Internal Conflicts Over Faculty Actions
After Keyishian, the primary focus of academic freedom litigation shifted from external attempts at control to internal conflicts. The Supreme Court has recognized that academic freedom, at times, involves a somewhat inconsistent and fundamental tension between educators who desire uninhibited, independent freedom in teaching and institutions that want autonomous decision making over their educational programs and campus activities. Over four decades, higher education has witnessed numerous legal disputes between institutional and faculty academic freedom over who has the authority to control activities within a course, language used within a classroom, and grading.
Courts consistently uphold the authority of colleges and university officials, absent unconstitutional intent, to regulate curriculum, including the content of courses. In the 1970s, institutions prevailed when officials chose not to renew the contracts of two faculty members who failed to meet their expectations for course workload, rigor, and coverage of topics. Another court found no violation of academic freedom when officials at an institution refused to assign an additional class to a part-time lecturer after she was unwilling to explain to her students precisely what was required to receive a final grade in a writing class in which 13 of 17 students had incomplete grades.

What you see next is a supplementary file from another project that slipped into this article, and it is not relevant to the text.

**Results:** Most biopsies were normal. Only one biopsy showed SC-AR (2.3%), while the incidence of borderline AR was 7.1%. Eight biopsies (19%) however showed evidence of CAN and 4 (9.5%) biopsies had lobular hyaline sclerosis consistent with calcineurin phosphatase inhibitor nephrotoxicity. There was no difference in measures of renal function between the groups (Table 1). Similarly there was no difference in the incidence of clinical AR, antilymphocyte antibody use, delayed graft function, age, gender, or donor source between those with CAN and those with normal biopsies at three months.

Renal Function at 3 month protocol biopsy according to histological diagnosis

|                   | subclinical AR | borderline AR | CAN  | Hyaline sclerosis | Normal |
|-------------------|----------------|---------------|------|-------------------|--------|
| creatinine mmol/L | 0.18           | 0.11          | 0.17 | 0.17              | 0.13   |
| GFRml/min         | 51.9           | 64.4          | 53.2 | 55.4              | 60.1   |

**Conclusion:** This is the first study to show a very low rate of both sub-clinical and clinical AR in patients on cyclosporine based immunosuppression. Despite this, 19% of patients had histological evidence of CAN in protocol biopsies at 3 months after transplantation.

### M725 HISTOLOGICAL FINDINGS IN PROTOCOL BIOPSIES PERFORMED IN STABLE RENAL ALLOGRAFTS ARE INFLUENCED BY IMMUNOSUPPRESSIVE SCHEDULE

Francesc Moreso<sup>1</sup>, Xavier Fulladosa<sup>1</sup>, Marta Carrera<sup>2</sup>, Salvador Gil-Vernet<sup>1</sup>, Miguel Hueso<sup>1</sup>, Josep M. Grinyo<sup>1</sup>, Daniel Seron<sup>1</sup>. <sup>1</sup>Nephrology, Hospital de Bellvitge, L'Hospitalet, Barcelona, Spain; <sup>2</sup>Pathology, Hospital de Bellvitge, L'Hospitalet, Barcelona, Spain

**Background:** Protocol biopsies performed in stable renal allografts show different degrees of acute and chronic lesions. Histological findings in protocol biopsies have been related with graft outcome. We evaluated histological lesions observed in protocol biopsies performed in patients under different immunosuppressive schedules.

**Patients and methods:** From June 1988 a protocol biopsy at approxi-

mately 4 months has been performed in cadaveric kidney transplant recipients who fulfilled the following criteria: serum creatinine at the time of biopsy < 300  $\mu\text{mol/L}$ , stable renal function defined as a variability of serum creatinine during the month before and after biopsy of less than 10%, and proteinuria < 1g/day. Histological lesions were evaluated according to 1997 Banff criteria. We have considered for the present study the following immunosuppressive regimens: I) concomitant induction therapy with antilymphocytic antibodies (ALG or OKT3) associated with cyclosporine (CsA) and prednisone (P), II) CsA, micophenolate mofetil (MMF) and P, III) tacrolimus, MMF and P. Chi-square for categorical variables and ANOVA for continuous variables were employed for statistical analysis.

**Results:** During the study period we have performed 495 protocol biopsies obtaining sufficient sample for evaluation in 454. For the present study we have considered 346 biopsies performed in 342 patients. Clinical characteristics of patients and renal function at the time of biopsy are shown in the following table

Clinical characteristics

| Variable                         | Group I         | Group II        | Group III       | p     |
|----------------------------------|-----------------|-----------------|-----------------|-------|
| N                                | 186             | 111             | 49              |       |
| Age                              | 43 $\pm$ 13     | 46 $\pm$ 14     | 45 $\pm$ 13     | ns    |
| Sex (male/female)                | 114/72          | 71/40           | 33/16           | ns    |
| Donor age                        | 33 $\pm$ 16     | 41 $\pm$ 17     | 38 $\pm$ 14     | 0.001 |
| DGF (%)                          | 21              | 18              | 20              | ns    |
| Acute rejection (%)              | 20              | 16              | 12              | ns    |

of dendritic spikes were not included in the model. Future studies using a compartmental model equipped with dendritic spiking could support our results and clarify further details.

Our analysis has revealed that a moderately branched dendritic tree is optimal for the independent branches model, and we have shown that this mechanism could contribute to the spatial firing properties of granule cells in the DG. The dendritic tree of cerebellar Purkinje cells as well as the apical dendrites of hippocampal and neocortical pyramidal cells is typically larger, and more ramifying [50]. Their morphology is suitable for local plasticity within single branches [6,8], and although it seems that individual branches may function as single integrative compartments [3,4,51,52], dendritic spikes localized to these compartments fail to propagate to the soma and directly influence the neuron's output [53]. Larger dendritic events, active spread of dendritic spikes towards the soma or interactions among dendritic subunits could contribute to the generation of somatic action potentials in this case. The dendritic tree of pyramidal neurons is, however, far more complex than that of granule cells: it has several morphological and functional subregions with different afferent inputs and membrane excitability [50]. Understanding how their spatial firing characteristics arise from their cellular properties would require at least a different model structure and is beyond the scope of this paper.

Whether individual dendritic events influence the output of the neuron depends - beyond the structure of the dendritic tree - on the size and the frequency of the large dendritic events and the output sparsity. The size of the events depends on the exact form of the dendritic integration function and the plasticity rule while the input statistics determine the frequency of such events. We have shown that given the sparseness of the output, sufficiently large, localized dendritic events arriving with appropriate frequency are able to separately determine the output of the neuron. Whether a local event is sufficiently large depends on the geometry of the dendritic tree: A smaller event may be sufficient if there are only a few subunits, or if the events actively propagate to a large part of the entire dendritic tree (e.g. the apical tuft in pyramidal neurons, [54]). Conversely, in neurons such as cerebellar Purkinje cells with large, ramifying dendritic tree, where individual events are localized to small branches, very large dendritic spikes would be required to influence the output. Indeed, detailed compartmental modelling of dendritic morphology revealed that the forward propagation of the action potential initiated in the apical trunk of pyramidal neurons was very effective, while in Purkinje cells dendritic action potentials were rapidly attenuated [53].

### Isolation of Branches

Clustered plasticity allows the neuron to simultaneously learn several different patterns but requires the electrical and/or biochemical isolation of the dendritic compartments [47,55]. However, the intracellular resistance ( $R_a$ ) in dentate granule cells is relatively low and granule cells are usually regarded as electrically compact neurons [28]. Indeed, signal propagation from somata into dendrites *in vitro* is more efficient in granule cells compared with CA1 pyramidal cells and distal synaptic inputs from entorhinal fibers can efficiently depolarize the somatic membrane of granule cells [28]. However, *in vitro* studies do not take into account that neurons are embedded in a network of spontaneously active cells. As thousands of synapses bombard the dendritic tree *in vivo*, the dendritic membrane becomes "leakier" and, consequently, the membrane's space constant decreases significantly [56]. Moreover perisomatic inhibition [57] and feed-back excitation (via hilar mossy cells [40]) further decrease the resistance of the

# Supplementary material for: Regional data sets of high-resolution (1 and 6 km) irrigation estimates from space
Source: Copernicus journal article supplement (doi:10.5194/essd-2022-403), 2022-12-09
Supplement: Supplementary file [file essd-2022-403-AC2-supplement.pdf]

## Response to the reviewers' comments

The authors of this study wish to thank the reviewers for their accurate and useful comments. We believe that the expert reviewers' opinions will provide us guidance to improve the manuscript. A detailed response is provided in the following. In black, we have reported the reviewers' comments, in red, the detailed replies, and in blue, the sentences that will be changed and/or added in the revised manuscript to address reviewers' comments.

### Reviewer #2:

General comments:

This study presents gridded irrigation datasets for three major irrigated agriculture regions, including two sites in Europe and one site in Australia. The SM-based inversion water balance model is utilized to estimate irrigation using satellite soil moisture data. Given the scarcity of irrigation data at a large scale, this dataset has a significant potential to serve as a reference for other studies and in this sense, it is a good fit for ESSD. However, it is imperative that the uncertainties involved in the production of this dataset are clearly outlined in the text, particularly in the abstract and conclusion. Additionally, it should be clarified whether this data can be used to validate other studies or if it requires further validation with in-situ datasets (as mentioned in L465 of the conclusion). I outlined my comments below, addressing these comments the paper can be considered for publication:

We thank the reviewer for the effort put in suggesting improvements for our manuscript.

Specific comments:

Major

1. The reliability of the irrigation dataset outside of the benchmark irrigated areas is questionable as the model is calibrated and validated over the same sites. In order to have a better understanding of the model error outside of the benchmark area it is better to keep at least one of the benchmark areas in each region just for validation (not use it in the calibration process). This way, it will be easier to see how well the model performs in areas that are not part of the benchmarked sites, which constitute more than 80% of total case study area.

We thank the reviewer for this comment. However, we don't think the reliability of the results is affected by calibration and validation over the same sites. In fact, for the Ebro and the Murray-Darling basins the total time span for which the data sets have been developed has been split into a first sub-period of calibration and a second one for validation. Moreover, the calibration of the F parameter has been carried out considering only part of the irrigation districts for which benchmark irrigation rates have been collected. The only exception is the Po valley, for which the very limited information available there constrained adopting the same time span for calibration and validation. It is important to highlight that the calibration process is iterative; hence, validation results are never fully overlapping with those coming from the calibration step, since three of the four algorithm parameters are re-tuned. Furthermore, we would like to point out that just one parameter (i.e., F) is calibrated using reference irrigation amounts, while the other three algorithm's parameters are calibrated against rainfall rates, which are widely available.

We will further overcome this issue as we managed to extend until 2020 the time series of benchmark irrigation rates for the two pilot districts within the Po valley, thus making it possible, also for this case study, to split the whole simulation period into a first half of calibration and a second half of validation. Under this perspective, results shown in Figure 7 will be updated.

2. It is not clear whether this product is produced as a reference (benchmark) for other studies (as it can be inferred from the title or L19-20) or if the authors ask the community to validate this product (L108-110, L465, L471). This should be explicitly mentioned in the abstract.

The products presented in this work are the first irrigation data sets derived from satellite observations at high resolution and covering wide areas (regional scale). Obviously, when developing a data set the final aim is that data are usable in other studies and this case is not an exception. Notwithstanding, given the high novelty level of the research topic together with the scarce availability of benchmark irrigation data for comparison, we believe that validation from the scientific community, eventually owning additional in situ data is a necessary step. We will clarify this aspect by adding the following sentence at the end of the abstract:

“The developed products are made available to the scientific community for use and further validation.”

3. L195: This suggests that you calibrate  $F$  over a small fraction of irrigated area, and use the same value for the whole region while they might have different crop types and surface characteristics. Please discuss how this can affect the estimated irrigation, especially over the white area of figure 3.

Courts generally support colleges and universities when faculty members unilaterally change approved curriculum or practices. Illustrative of this pattern is a case from the Tenth Circuit in which the court found that a faculty member had no right of academic freedom to reject the institution’s standardized student evaluation policy because she did not believe that teaching and learning could be evaluated by a standardized process. However, a university’s authority to control classroom activities is not absolute. Courts ruled for faculty members in two cases where administrators reacted to classroom content (one involved a controversial play, the other use of profane and offensive language in a pedagogical manner and related to course content) when community opposition created what one court described as administrators’ unsubstantiated fear of disturbance. In other litigation, a federal appellate court remanded a faculty member’s claim to a federal trial court in New York; the claim alleged that he was denied tenure as a result of community pressure in a controversy over the identification in his course, The Politics of Race, of Zionism along with Nazism and apartheid as the main forms of racism. As such decisions are increasingly politicized, it will be interesting to observe how institutions of higher learning, and undoubtedly the courts, balance the conflicting values of the free exchange of ideas in academic settings and the free speech rights of faculty members.